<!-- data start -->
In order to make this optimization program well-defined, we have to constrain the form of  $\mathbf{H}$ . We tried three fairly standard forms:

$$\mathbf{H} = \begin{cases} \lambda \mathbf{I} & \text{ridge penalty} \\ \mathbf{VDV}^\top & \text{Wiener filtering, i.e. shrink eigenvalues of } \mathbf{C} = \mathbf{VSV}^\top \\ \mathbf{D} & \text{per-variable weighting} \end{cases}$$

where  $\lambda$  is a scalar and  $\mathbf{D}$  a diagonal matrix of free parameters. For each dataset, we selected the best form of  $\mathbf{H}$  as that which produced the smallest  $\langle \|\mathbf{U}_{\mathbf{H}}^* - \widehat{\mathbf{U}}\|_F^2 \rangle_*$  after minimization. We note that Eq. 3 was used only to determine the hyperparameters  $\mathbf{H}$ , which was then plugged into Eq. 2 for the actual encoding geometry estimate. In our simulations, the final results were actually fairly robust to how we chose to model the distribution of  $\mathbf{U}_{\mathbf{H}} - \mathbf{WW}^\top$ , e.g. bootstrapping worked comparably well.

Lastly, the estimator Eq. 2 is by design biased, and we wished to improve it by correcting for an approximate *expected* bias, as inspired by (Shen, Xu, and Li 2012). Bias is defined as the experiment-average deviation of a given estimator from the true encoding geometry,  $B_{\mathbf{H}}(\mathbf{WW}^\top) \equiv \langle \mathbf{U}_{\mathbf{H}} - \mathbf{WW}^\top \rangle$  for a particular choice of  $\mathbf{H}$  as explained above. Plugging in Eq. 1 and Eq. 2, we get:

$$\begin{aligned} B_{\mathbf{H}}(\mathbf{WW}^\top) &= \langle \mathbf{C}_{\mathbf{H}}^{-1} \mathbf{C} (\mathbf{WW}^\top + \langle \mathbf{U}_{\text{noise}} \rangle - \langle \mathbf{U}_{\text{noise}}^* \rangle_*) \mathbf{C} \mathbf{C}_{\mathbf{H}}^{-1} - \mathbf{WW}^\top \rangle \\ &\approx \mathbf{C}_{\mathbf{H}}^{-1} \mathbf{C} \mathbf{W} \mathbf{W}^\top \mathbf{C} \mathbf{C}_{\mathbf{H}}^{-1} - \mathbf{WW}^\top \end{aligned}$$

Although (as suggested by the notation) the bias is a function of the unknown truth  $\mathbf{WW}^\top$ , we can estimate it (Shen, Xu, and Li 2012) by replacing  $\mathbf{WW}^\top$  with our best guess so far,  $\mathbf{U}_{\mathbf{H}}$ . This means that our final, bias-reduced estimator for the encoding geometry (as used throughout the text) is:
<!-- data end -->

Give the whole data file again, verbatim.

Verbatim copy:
In order to make this optimization program well-defined, we have to constrain the form of  $\mathbf{H}$ . We tried three fairly standard forms:

$$\mathbf{H} = \begin{cases} \lambda \mathbf{I} & \text{ridge penalty} \\ \mathbf{VDV}^\top & \text{Wiener filtering, i.e. shrink eigenvalues of } \mathbf{C} = \mathbf{VSV}^\top \\ \mathbf{D} & \text{per-variable weighting} \end{cases}$$

where  $\lambda$  is a scalar and  $\mathbf{D}$  a diagonal matrix of free parameters. For each dataset, we selected the best form of  $\mathbf{H}$  as that which produced the smallest  $\langle \|\mathbf{U}_{\mathbf{H}}^* - \widehat{\mathbf{U}}\|_F^2 \rangle_*$  after minimization. We note that Eq. 3 was used only to determine the hyperparameters  $\mathbf{H}$ , which was then plugged into Eq. 2 for the actual encoding geometry estimate. In our simulations, the final results were actually fairly robust to how we chose to model the distribution of  $\mathbf{U}_{\mathbf{H}} - \mathbf{WW}^\top$ , e.g. bootstrapping worked comparably well.

Lastly, the estimator Eq. 2 is by design biased, and we wished to improve it by correcting for an approximate *expected* bias, as inspired by (Shen, Xu, and Li 2012). Bias is defined as the experiment-average deviation of a given estimator from the true encoding geometry,  $B_{\mathbf{H}}(\mathbf{WW}^\top) \equiv \langle \mathbf{U}_{\mathbf{H}} - \mathbf{WW}^\top \rangle$  for a particular choice of  $\mathbf{H}$  as explained above. Plugging in Eq. 1 and Eq. 2, we get:

$$\begin{aligned} B_{\mathbf{H}}(\mathbf{WW}^\top) &= \langle \mathbf{C}_{\mathbf{H}}^{-1} \mathbf{C} (\mathbf{WW}^\top + \langle \mathbf{U}_{\text{noise}} \rangle - \langle \mathbf{U}_{\text{noise}}^* \rangle_*) \mathbf{C} \mathbf{C}_{\mathbf{H}}^{-1} - \mathbf{WW}^\top \rangle \\ &\approx \mathbf{C}_{\mathbf{H}}^{-1} \mathbf{C} \mathbf{W} \mathbf{W}^\top \mathbf{C} \mathbf{C}_{\mathbf{H}}^{-1} - \mathbf{WW}^\top \end{aligned}$$

Although (as suggested by the notation) the bias is a function of the unknown truth  $\mathbf{WW}^\top$ , we can estimate it (Shen, Xu, and Li 2012) by replacing  $\mathbf{WW}^\top$  with our best guess so far,  $\mathbf{U}_{\mathbf{H}}$ . This means that our final, bias-reduced estimator for the encoding geometry (as used throughout the text) is: